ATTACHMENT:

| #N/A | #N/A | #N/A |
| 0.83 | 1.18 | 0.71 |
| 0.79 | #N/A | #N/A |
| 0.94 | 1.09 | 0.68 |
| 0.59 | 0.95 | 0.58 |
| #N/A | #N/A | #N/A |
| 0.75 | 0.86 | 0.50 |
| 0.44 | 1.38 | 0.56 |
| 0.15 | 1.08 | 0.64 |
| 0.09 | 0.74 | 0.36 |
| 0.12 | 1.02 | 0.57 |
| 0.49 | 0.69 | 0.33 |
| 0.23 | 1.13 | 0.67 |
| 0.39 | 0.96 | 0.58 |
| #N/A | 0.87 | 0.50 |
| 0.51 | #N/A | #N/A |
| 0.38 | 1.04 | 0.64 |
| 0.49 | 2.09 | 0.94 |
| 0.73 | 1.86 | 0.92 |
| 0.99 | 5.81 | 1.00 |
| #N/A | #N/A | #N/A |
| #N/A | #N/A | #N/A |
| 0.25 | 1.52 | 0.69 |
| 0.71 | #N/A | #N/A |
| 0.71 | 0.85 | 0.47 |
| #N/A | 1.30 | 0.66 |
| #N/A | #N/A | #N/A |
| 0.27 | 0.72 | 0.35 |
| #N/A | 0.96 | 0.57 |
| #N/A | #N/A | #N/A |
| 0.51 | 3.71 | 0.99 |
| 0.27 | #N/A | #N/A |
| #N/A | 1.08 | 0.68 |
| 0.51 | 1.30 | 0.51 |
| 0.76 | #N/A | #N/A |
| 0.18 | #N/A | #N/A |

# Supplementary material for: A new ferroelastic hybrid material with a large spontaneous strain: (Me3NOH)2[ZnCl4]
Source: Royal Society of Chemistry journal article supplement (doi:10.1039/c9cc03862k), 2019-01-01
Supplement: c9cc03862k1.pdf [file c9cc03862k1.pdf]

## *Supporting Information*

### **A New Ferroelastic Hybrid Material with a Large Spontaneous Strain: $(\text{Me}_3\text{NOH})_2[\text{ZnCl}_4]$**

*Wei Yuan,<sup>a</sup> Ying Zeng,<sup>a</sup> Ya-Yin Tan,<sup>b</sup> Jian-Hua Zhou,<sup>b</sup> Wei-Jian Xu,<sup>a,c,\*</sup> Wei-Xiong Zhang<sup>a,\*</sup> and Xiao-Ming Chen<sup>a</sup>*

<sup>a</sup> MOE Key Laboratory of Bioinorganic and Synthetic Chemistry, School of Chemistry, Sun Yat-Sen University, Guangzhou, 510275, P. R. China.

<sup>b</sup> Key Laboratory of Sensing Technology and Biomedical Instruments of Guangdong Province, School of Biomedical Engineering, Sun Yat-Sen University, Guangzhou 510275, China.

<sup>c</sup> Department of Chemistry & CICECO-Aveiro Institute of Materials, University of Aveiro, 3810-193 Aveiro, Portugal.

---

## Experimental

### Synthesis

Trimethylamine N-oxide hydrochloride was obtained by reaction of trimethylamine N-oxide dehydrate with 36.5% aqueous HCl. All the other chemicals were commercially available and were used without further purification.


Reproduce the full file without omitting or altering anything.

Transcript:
| #N/A | #N/A | #N/A |
| 0.83 | 1.18 | 0.71 |
| 0.79 | #N/A | #N/A |
| 0.94 | 1.09 | 0.68 |
| 0.59 | 0.95 | 0.58 |
| #N/A | #N/A | #N/A |
| 0.75 | 0.86 | 0.50 |
| 0.44 | 1.38 | 0.56 |
| 0.15 | 1.08 | 0.64 |
| 0.09 | 0.74 | 0.36 |
| 0.12 | 1.02 | 0.57 |
| 0.49 | 0.69 | 0.33 |
| 0.23 | 1.13 | 0.67 |
| 0.39 | 0.96 | 0.58 |
| #N/A | 0.87 | 0.50 |
| 0.51 | #N/A | #N/A |
| 0.38 | 1.04 | 0.64 |
| 0.49 | 2.09 | 0.94 |
| 0.73 | 1.86 | 0.92 |
| 0.99 | 5.81 | 1.00 |
| #N/A | #N/A | #N/A |
| #N/A | #N/A | #N/A |
| 0.25 | 1.52 | 0.69 |
| 0.71 | #N/A | #N/A |
| 0.71 | 0.85 | 0.47 |
| #N/A | 1.30 | 0.66 |
| #N/A | #N/A | #N/A |
| 0.27 | 0.72 | 0.35 |
| #N/A | 0.96 | 0.57 |
| #N/A | #N/A | #N/A |
| 0.51 | 3.71 | 0.99 |
| 0.27 | #N/A | #N/A |
| #N/A | 1.08 | 0.68 |
| 0.51 | 1.30 | 0.51 |
| 0.76 | #N/A | #N/A |
| 0.18 | #N/A | #N/A |

# Supplementary material for: A new ferroelastic hybrid material with a large spontaneous strain: (Me3NOH)2[ZnCl4]
Source: Royal Society of Chemistry journal article supplement (doi:10.1039/c9cc03862k), 2019-01-01
Supplement: c9cc03862k1.pdf [file c9cc03862k1.pdf]

## *Supporting Information*

### **A New Ferroelastic Hybrid Material with a Large Spontaneous Strain: $(\text{Me}_3\text{NOH})_2[\text{ZnCl}_4]$**

*Wei Yuan,<sup>a</sup> Ying Zeng,<sup>a</sup> Ya-Yin Tan,<sup>b</sup> Jian-Hua Zhou,<sup>b</sup> Wei-Jian Xu,<sup>a,c,\*</sup> Wei-Xiong Zhang<sup>a,\*</sup> and Xiao-Ming Chen<sup>a</sup>*

<sup>a</sup> MOE Key Laboratory of Bioinorganic and Synthetic Chemistry, School of Chemistry, Sun Yat-Sen University, Guangzhou, 510275, P. R. China.

<sup>b</sup> Key Laboratory of Sensing Technology and Biomedical Instruments of Guangdong Province, School of Biomedical Engineering, Sun Yat-Sen University, Guangzhou 510275, China.

<sup>c</sup> Department of Chemistry & CICECO-Aveiro Institute of Materials, University of Aveiro, 3810-193 Aveiro, Portugal.

---

## Experimental

### Synthesis

Trimethylamine N-oxide hydrochloride was obtained by reaction of trimethylamine N-oxide dehydrate with 36.5% aqueous HCl. All the other chemicals were commercially available and were used without further purification.